According to the National Institutes of Health, approximately one in five women develop uterine fibroids during the time between her first period and before menopause. Uterine fibroids are also called fibromyomas, leiomyomas and myomas. These slow-growing, non-cancerous tumors can range in size from too small to be detected by the naked eye to large enough that it expands the uterus so far the uterus reaches the ribcage. Black women are more at risk for uterine fibroids than women of other races. Since these fibroids don’t always cause symptoms, most women are unaware of this medical condition.
Uterine fibroids can cause heavy menstrual bleeding, abnormally long menstrual periods lasting seven days or more, bleeding between periods and anemia from blood loss. According to the Merck Manual of Medical Information, symptoms of anemia from a blood loss over several hours or less include low blood pressure and dizziness, while a blood loss over several weeks or longer include tiredness, shortness of breath and paleness.
According to the Mayo Clinic, submucosal fibroids, which grow in the uterine cavity, are the primary cause of menstrual changes. Fibroids can cause infertility by blocking the passageway sperm normally takes to reach an egg for fertilization. Contact your physician for an examination if you experience symptoms of anemia, overly heavy or painful periods, or spotting or bleeding between periods.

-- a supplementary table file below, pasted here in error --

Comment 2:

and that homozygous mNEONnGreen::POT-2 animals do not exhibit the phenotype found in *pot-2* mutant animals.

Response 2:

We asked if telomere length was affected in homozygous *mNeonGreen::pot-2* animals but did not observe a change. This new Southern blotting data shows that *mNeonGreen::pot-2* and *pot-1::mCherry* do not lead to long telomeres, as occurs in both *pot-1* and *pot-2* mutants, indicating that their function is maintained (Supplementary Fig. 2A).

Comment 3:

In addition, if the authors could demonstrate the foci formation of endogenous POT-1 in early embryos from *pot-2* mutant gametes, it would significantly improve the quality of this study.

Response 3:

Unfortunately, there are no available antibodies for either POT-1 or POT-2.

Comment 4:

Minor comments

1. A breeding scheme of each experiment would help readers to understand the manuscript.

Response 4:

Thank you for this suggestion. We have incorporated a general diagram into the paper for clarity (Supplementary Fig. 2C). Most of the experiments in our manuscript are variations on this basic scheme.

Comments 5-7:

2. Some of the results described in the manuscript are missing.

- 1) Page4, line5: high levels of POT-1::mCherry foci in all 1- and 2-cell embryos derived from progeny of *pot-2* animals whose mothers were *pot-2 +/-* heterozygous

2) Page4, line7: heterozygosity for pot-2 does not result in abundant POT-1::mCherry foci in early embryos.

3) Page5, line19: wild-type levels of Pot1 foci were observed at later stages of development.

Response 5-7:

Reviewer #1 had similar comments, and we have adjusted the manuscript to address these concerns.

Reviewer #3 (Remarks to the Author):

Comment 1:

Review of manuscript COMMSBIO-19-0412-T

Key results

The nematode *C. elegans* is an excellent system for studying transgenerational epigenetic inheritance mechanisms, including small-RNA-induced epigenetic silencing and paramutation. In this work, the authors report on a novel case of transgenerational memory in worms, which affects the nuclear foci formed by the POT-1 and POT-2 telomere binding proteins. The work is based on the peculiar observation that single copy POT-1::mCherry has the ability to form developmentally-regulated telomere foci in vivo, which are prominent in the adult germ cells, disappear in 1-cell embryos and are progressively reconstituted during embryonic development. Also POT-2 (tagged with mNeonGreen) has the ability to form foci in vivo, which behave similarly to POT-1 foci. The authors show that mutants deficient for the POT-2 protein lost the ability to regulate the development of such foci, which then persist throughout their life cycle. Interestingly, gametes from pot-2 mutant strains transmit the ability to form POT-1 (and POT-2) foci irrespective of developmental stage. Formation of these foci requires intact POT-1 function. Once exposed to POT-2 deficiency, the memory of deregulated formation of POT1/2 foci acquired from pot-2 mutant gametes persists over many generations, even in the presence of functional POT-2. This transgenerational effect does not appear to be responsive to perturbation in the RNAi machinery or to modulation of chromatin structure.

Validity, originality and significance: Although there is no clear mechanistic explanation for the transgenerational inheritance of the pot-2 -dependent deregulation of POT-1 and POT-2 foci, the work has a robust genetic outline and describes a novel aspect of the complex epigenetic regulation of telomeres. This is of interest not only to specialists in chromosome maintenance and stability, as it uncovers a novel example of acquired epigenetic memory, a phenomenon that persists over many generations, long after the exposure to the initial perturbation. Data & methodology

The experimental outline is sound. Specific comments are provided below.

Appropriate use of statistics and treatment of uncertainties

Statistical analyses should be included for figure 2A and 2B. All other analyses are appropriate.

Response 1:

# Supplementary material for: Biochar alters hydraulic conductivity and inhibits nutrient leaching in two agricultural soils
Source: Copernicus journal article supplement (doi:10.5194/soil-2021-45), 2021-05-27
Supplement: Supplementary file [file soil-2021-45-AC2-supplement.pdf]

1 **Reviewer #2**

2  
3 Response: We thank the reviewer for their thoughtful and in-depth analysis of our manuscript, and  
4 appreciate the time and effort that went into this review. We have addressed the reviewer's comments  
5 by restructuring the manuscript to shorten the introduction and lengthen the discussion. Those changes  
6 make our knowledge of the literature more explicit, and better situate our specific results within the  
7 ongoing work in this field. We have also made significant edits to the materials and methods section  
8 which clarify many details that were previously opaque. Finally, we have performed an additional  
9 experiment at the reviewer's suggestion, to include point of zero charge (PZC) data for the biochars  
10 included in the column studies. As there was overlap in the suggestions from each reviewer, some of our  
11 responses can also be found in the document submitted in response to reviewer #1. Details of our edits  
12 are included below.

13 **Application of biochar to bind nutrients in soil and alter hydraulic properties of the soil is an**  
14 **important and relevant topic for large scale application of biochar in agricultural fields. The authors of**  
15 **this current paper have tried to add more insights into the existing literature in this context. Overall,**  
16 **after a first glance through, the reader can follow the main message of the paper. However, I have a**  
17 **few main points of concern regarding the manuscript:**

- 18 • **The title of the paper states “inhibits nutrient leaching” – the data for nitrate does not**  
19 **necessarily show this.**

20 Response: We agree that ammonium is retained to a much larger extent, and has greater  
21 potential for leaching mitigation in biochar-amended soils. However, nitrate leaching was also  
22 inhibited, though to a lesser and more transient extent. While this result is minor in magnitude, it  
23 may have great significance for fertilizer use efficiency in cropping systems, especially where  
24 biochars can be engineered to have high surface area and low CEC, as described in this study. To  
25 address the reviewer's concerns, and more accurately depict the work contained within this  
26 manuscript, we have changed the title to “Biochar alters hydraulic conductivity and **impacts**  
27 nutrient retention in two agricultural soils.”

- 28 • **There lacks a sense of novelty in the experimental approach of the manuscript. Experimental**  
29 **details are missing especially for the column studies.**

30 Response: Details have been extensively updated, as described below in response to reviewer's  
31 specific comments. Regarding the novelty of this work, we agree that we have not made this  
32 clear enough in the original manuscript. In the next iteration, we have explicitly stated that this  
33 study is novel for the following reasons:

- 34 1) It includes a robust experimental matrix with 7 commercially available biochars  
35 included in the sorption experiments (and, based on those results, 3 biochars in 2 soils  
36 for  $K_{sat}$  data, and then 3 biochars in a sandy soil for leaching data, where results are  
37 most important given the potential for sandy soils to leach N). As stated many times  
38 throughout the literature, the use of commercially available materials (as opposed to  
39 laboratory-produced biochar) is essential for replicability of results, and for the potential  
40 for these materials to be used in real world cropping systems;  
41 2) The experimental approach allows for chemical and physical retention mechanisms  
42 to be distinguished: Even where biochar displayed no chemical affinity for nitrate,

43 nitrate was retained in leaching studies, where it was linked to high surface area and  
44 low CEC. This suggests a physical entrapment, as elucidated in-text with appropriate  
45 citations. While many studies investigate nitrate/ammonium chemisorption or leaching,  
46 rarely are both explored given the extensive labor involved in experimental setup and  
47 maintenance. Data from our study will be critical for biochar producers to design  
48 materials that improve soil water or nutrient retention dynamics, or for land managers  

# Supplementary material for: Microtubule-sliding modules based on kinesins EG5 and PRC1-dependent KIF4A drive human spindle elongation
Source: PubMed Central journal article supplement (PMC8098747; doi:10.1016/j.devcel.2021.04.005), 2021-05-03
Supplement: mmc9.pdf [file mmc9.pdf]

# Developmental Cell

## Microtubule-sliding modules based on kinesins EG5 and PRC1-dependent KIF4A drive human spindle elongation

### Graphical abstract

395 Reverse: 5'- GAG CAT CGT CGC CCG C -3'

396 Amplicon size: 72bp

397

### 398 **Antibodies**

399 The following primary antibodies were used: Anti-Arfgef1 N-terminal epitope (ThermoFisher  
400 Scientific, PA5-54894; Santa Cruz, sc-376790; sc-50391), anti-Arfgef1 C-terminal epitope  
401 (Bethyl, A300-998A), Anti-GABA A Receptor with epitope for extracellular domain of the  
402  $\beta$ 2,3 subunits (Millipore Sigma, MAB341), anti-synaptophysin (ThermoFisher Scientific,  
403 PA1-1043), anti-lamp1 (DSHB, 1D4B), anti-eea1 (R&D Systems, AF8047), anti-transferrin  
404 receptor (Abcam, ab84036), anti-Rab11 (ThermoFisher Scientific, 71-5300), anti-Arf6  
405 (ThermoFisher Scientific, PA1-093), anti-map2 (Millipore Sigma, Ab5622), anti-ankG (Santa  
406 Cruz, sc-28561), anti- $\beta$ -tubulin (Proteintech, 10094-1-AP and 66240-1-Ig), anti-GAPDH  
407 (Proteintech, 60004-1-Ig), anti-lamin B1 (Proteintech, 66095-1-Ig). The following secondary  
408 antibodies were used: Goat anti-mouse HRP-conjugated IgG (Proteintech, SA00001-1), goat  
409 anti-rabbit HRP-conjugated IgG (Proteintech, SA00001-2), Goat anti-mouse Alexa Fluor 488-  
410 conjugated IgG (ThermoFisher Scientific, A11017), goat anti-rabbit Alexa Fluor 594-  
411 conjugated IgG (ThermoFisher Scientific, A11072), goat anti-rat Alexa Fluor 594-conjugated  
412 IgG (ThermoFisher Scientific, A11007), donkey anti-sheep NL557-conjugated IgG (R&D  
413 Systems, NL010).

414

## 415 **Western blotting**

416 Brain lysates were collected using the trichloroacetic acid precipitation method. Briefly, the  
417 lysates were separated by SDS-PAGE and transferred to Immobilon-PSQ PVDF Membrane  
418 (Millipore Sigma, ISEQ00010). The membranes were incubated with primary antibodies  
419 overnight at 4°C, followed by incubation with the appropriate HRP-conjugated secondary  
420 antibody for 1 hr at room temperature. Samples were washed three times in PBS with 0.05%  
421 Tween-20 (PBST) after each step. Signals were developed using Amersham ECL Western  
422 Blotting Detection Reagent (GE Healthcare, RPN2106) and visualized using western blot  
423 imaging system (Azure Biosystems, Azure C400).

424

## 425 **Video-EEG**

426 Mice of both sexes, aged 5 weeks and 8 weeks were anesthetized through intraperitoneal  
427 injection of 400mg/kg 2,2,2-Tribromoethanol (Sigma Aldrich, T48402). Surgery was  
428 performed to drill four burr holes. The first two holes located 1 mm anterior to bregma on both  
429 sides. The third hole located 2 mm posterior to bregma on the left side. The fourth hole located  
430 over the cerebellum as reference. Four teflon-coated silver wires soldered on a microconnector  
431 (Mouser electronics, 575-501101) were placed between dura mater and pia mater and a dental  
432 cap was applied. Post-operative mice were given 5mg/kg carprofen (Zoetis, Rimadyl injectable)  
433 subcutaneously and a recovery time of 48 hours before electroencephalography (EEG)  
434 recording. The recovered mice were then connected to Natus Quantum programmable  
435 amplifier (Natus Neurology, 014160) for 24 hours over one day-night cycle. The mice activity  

A person with uterine fibroids can feel lower abdominal pain that is described as dull, sharp or aching. Other symptoms of uterine fibroids include a feeling of fullness in the lower abdomen, backache, leg pain and painful intercourse. According to the Mayo Clinic, backache and leg pain results from a fibroid that presses on the spinal nerves.
According to the Mayo Clinic, pain can occur abruptly if the fibroid grows too big for its present blood supply or if the blood supply is suddenly shut off when the stalk of a pendunculated fibroid becomes twisted. A pendunculated fibroid is attached to the inside or outside of the uterus by a stalk-like projection. Contact your physician for an examination if you experience pelvic pain that doesn’t go away or that increases in intensity and painful intercourse.
Urinary changes like frequent urination and difficulty emptying your bladder occur as the fibroid presses against the bladder. Incomplete emptying of your bladder can cause a urinary tract infection. According to the National Institutes of Health, symptoms of a urinary tract infection include cloudy or blood urine, foul-smelling urine, low fever, pain or burning with urination, pressure or cramping in the lower abdomen or back and a strong need to urinate often.
If the uterine fibroid is large enough, it can press on the rectum causing constipation and difficulty passing stool. According to the Mayo Clinic, fibroids that grow under the outside covering of the uterus are likely responsible for urinary symptoms and constipation. Contact your physician for an examination if you experience difficulty either emptying your bladder or passing a bowel movement, or if you experience symptoms of a urinary tract infection.